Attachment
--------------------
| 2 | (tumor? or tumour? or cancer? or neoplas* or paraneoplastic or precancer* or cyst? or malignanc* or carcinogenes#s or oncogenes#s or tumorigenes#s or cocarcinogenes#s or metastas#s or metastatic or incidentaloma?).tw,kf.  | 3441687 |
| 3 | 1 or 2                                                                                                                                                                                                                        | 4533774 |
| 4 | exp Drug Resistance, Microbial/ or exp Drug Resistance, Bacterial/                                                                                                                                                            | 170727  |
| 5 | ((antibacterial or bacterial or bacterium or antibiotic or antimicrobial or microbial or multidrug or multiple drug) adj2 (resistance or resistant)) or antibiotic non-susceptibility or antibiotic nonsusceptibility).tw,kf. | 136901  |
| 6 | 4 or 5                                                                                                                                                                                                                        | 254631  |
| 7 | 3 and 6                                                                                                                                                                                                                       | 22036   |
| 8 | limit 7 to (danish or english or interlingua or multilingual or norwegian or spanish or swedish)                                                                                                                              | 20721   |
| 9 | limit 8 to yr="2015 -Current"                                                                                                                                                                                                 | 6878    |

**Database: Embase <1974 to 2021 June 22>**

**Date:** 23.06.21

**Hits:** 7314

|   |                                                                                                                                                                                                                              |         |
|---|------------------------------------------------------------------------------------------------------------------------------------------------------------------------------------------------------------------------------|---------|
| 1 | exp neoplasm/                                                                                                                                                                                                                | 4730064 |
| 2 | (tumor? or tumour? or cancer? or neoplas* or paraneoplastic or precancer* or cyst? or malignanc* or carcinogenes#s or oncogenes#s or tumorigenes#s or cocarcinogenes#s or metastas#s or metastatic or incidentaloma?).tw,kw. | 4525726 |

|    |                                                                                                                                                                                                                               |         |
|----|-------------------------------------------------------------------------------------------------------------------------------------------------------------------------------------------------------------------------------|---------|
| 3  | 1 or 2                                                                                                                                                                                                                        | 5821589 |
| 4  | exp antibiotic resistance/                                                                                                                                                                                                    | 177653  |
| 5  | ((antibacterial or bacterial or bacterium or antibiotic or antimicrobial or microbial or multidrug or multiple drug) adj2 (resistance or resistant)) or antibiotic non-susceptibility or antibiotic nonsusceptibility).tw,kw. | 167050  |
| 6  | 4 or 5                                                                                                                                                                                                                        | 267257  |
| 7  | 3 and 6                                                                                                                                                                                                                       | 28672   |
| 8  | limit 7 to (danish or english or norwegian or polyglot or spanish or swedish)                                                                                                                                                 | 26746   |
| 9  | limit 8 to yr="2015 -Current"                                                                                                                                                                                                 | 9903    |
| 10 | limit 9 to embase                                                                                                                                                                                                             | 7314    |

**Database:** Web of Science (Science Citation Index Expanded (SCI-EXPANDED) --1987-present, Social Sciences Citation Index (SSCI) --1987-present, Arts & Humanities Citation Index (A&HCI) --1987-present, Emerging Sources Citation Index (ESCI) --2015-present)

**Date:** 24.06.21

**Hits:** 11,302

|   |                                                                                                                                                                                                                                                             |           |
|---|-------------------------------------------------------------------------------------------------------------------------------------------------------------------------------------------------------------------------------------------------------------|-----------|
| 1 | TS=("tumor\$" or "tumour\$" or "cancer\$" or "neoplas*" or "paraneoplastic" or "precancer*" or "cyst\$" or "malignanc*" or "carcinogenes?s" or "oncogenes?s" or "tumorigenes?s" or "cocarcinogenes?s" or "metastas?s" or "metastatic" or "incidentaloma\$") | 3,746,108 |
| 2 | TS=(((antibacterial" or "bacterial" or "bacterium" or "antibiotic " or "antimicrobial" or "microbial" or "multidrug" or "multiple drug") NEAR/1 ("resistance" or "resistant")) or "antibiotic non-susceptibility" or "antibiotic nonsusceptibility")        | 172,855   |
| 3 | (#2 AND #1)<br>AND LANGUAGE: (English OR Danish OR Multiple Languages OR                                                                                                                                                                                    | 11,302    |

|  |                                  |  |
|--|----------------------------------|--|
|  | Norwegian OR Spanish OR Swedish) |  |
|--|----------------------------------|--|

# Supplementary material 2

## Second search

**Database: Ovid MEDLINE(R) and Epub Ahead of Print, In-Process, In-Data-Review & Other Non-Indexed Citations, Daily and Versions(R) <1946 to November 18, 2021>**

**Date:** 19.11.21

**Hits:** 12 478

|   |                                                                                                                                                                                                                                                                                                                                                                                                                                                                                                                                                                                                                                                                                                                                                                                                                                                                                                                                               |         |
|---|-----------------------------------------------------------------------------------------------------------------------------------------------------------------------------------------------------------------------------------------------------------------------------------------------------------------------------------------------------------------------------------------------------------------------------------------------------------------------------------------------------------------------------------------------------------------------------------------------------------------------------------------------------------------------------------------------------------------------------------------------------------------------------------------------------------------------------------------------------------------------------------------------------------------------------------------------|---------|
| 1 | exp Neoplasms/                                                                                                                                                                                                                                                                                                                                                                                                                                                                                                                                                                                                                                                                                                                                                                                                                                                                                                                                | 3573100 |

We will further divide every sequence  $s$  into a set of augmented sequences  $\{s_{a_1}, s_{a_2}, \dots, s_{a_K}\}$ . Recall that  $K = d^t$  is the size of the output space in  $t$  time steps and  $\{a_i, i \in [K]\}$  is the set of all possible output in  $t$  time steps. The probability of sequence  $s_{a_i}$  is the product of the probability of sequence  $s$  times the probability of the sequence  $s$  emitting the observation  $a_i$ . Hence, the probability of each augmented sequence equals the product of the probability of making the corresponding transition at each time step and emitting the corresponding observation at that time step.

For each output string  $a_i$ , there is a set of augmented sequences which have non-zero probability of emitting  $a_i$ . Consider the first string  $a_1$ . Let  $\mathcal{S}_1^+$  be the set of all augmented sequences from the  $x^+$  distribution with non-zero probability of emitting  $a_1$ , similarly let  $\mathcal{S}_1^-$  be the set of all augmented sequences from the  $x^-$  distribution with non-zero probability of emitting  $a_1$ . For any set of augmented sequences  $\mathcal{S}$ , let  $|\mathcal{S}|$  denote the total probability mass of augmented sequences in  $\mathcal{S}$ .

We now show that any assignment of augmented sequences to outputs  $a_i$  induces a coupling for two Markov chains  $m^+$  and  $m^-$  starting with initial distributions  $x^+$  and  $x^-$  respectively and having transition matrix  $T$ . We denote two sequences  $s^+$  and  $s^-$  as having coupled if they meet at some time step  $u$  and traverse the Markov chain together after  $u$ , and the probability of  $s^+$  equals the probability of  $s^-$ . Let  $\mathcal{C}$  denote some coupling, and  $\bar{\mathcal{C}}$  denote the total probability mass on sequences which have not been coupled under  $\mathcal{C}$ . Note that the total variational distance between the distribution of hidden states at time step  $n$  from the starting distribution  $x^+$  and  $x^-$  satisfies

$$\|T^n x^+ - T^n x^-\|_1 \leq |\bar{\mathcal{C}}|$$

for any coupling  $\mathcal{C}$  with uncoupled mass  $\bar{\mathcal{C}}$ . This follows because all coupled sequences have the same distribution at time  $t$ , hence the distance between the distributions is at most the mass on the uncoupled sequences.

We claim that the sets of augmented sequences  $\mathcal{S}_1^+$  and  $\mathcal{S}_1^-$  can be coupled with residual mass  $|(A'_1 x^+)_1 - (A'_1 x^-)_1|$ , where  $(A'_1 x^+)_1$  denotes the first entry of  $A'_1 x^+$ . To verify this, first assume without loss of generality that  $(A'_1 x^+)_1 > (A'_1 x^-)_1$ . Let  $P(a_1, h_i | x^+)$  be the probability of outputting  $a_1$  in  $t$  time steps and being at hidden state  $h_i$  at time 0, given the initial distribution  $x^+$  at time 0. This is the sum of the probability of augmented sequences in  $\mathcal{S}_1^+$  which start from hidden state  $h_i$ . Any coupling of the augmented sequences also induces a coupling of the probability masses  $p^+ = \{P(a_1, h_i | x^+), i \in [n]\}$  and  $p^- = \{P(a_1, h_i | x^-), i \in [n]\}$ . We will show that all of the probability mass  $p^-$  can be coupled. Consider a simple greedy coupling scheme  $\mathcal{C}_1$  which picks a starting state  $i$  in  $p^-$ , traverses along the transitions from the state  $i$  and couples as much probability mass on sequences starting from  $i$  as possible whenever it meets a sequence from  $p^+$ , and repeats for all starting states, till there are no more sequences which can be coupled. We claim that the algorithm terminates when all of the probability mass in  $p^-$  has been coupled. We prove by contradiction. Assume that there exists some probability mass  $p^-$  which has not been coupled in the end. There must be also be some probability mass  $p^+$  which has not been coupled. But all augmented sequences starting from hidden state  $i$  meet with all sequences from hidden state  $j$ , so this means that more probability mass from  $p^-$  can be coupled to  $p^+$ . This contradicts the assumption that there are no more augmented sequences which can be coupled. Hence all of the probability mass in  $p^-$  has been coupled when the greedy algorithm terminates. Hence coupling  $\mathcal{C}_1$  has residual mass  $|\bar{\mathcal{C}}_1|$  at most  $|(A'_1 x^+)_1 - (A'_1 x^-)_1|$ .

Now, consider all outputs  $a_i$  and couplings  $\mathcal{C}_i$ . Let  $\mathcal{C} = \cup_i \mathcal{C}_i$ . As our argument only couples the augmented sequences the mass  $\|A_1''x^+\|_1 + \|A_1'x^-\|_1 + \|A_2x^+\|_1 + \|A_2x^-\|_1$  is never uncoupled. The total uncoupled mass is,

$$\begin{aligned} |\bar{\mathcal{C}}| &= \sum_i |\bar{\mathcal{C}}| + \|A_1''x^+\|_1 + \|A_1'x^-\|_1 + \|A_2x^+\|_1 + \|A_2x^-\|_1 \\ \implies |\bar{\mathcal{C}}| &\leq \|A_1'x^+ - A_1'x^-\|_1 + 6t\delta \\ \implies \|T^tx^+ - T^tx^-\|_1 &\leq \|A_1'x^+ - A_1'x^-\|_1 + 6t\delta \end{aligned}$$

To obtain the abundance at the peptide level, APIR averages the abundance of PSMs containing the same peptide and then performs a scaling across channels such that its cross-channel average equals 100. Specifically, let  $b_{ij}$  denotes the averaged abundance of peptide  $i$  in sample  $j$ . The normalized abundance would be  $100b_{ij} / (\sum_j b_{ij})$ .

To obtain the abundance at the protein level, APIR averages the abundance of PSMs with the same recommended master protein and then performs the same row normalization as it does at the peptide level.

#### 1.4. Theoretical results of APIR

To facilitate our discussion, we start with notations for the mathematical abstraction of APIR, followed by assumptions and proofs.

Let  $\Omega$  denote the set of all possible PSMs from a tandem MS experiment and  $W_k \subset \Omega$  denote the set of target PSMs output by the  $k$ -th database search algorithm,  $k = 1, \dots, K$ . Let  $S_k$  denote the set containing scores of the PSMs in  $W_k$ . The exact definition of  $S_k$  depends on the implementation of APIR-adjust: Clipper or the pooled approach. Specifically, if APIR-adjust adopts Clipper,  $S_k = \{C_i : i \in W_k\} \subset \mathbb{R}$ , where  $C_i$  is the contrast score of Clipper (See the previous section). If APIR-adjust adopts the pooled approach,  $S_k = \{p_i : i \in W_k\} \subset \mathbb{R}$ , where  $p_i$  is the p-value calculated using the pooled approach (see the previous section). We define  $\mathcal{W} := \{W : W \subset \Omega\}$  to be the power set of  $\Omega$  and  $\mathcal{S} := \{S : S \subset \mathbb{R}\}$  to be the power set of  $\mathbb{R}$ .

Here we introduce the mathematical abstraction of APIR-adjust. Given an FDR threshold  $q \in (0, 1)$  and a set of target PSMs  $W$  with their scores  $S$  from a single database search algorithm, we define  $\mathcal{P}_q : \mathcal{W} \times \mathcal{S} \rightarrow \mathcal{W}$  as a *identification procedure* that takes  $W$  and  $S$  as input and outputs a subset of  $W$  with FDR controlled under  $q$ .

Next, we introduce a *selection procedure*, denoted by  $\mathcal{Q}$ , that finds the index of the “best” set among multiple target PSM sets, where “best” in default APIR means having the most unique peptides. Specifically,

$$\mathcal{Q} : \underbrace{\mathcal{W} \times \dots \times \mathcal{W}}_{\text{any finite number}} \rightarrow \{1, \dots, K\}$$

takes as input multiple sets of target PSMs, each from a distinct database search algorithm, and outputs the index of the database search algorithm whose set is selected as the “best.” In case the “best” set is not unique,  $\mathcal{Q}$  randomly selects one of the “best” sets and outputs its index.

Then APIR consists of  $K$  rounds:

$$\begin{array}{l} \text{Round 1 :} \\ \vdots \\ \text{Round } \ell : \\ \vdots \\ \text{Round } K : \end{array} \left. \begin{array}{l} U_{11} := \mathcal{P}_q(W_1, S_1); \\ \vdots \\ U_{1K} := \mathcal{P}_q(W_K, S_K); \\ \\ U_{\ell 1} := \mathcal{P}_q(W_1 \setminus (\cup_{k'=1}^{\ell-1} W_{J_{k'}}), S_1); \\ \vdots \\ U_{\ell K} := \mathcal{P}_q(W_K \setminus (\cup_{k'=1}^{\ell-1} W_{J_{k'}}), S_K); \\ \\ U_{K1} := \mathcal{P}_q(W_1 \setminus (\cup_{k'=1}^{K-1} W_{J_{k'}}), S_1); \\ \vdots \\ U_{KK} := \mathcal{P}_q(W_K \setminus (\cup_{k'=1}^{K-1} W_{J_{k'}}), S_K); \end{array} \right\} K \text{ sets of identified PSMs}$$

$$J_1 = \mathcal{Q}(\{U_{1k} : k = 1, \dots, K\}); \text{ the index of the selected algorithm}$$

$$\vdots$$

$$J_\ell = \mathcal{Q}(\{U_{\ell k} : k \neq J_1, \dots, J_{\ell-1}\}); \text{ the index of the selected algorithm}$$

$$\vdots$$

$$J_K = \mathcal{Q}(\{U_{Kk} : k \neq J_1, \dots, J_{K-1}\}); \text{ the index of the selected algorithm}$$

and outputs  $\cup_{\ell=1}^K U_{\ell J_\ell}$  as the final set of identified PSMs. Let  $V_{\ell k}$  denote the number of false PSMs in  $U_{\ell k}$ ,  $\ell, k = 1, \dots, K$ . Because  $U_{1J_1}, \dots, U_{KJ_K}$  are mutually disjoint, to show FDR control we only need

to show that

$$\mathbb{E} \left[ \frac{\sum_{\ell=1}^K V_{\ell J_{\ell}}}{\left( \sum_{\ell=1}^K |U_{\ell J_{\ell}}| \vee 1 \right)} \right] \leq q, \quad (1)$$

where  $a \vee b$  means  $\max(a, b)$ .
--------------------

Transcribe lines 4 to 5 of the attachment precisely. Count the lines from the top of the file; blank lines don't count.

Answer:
| 5 | ((antibacterial or bacterial or bacterium or antibiotic or antimicrobial or microbial or multidrug or multiple drug) adj2 (resistance or resistant)) or antibiotic non-susceptibility or antibiotic nonsusceptibility).tw,kf. | 136901  |
| 6 | 4 or 5                                                                                                                                                                                                                        | 254631  |